A Cherokee Tribe's Basic Income Success Story

Moises Velasquez-Manoff has a piece at the New York Times describing what is essentially a universal basic income (UBI) program operated by a tribe of Cherokee Indians in North Carolina. The tribe opened up a casino and used the profits from the casino to finance a flat cash transfer to all tribe members. In 2001, the cash transfers amounted to $6,000 per member and, in 2006, the amount had climbed to $9,000 per member.

Duke's E. Jane Costello, focusing on psychiatric health, kept track of the impact of this new program, publishing at least three studies on it (I, II, III). She, along with other researchers, found the following:

  • Children who were moved out of poverty by the UBI saw their behavioral problems decline by 40 percent.
  • Minor crimes declined.
  • On-time high school graduation rates increased.
  • Children who started receiving the UBI earlier in life had better mental health in early adulthood than those who started receiving it later in life. In particular, they were 33% less likely to develop substance abuse or psychiatric problems.

Velasquez-Manoff also mentions in his piece that forthcoming research from Randall Akee argues that these payments are entirely offset by the reduction in other costs resulting from "reduced criminality, a reduced need for psychiatric care and savings gained from not repeating grades."

Like most pieces written about increasing the cash incomes of poor people, this one has its share of framing about how surprising the effects of such programs are. Surprise, of course, is measured against expectations. It is not the outcomes that are remarkable; it is how low our expectations of poor people are that is remarkable. We so think, for our own comfort no doubt, that the poor are just utterly and constitutionally screwed up that even modest gains from increasing poor people's access to resources blow us away.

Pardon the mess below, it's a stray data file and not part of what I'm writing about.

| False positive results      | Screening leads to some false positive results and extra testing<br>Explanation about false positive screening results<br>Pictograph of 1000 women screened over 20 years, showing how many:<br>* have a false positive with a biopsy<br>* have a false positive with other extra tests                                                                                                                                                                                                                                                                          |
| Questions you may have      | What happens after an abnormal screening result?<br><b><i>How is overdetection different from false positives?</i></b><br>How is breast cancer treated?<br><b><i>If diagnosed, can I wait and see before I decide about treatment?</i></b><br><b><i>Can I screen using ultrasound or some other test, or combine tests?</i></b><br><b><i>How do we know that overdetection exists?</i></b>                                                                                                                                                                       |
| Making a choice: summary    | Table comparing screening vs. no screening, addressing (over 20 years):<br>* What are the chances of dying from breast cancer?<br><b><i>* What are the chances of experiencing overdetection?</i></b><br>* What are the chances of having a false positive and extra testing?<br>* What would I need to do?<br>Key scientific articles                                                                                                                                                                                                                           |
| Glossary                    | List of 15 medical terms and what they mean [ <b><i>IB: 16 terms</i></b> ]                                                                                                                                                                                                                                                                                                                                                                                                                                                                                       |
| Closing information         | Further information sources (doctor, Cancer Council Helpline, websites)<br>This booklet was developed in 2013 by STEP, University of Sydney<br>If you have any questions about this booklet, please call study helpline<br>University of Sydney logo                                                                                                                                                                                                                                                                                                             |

This surprise is especially odd when you consider the fact that almost every single anti-poverty effort is supposed to work this exact same way. Consider David Brooks' call on Friday for tackling poverty by increasing so-called human capital. This strategy does not work, as I pointed out in my response to Brooks. But really take a second and drill down hard on how it is supposed to work. Walk yourself through the process that leads from increasing human capital to decreasing poverty. It goes like this: increasing the human capital of poor people will cause them to have a greater productive capacity, which will cause them to get better jobs, which will cause them to get higher pay, which will cause them to have more money, which will cause them to not be poor anymore.

Talking about human capital obscures the mechanism of this conservative approach to poverty reduction, but that mechanism is ultimately increasing the cash incomes of poor people. You cannot consistently believe that 1) increasing human capital will make poor people less poor, and 2) increasing cash transfers will not make poor people less poor. This is an inconsistent belief because they both operate through the same ultimate mechanism. Of course, people like Brooks do not oppose cash transfer programs on coherent policy grounds. They oppose them on normative grounds. They simply do not think the poor deserve that money and therefore do not want them to have it, despite the human wreckage such a stance entails.

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